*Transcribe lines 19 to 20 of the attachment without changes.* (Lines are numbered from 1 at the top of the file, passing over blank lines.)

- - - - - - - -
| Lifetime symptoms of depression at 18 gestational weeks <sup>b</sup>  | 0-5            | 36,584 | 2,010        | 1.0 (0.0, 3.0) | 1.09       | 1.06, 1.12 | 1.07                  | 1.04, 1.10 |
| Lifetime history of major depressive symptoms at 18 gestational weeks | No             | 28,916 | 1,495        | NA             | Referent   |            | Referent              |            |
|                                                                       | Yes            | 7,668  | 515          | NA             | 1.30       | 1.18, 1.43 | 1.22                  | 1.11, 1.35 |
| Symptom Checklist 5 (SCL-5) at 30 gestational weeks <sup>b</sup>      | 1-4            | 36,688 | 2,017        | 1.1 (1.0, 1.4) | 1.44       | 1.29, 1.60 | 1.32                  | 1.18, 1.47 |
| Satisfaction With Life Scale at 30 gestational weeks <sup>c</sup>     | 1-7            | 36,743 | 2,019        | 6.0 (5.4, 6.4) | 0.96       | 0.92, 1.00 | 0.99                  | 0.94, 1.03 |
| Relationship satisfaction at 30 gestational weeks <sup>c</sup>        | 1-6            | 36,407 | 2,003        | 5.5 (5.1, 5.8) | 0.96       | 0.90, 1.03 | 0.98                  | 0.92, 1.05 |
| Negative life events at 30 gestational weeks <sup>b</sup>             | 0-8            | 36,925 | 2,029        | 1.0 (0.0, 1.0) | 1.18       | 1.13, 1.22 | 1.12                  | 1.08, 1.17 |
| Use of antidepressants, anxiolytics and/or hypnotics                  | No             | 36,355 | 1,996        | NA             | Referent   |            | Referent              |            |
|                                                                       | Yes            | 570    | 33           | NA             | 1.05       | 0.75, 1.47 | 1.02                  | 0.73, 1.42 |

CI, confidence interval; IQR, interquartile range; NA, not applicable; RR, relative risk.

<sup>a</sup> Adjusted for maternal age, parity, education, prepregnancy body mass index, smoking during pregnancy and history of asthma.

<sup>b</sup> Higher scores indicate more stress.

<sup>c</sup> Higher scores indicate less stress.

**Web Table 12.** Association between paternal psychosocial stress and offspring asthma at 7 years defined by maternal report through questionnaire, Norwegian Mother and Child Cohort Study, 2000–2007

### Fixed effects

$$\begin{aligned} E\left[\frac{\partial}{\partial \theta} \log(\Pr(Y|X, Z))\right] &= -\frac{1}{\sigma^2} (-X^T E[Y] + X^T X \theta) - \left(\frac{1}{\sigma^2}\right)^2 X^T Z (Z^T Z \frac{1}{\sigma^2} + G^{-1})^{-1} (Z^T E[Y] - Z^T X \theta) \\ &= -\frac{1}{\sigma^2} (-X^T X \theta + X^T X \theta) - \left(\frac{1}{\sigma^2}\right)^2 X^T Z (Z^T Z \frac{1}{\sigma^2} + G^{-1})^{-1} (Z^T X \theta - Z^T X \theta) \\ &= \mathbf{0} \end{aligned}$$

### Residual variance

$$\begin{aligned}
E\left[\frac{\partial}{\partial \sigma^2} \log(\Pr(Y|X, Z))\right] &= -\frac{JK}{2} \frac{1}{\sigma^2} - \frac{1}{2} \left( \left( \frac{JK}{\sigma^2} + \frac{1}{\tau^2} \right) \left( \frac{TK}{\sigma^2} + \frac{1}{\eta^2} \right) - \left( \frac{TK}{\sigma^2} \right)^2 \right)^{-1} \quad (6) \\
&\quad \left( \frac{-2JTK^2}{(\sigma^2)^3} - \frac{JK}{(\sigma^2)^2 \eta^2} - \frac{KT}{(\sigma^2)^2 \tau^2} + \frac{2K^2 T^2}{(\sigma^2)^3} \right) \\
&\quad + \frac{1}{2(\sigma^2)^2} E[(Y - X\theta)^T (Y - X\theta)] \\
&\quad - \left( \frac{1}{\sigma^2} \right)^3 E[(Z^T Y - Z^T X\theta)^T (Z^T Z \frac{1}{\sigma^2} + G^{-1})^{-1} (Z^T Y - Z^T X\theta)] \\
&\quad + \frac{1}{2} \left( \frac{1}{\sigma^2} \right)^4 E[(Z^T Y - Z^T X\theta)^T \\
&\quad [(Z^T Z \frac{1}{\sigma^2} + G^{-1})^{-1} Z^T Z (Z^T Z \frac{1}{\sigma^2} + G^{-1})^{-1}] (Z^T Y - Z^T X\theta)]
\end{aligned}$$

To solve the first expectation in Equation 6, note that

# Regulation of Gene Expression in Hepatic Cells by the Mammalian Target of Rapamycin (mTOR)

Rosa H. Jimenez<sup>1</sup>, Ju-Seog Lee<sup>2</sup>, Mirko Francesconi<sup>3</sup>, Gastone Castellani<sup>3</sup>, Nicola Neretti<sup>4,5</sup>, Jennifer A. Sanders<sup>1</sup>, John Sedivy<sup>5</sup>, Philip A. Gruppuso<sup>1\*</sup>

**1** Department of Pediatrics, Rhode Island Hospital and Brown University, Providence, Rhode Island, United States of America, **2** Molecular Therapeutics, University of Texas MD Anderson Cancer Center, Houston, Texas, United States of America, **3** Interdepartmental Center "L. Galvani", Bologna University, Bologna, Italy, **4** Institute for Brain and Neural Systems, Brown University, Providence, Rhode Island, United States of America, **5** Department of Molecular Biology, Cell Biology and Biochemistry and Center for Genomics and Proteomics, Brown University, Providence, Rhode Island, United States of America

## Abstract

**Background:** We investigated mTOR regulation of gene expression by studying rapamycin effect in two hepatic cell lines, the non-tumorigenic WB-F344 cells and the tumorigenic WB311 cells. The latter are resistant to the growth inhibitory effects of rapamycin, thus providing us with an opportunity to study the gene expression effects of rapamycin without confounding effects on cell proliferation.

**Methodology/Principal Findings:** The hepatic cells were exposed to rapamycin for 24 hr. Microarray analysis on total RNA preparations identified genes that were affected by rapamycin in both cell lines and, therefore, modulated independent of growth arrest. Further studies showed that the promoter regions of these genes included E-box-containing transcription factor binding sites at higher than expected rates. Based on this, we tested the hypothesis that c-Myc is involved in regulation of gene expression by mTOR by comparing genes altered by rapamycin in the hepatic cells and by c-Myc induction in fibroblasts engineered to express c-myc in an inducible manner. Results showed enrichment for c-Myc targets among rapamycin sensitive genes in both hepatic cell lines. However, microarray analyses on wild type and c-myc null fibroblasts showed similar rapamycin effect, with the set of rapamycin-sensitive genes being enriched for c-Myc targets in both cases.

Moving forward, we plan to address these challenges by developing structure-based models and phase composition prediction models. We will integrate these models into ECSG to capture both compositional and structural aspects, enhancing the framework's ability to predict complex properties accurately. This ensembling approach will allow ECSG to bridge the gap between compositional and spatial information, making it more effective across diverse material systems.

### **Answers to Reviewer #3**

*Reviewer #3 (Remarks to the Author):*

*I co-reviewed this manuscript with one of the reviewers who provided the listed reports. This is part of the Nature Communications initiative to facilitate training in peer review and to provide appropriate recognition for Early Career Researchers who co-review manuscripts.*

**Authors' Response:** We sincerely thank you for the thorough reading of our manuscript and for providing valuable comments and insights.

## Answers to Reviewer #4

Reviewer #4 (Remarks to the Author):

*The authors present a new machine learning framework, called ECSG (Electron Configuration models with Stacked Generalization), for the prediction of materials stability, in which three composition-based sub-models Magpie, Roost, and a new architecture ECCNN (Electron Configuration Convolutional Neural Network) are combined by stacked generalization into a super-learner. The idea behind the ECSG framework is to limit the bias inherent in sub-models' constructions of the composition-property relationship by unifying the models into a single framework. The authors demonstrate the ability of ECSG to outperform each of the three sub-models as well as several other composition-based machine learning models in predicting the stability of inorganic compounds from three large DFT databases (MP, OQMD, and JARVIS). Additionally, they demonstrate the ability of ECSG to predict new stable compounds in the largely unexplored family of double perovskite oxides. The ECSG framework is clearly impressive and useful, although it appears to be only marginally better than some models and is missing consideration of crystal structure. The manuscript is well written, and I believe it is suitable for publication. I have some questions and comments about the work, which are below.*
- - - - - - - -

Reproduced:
E\left[\frac{\partial}{\partial \sigma^2} \log(\Pr(Y|X, Z))\right] &= -\frac{JK}{2} \frac{1}{\sigma^2} - \frac{1}{2} \left( \left( \frac{JK}{\sigma^2} + \frac{1}{\tau^2} \right) \left( \frac{TK}{\sigma^2} + \frac{1}{\eta^2} \right) - \left( \frac{TK}{\sigma^2} \right)^2 \right)^{-1} \quad (6) \\
&\quad \left( \frac{-2JTK^2}{(\sigma^2)^3} - \frac{JK}{(\sigma^2)^2 \eta^2} - \frac{KT}{(\sigma^2)^2 \tau^2} + \frac{2K^2 T^2}{(\sigma^2)^3} \right) \\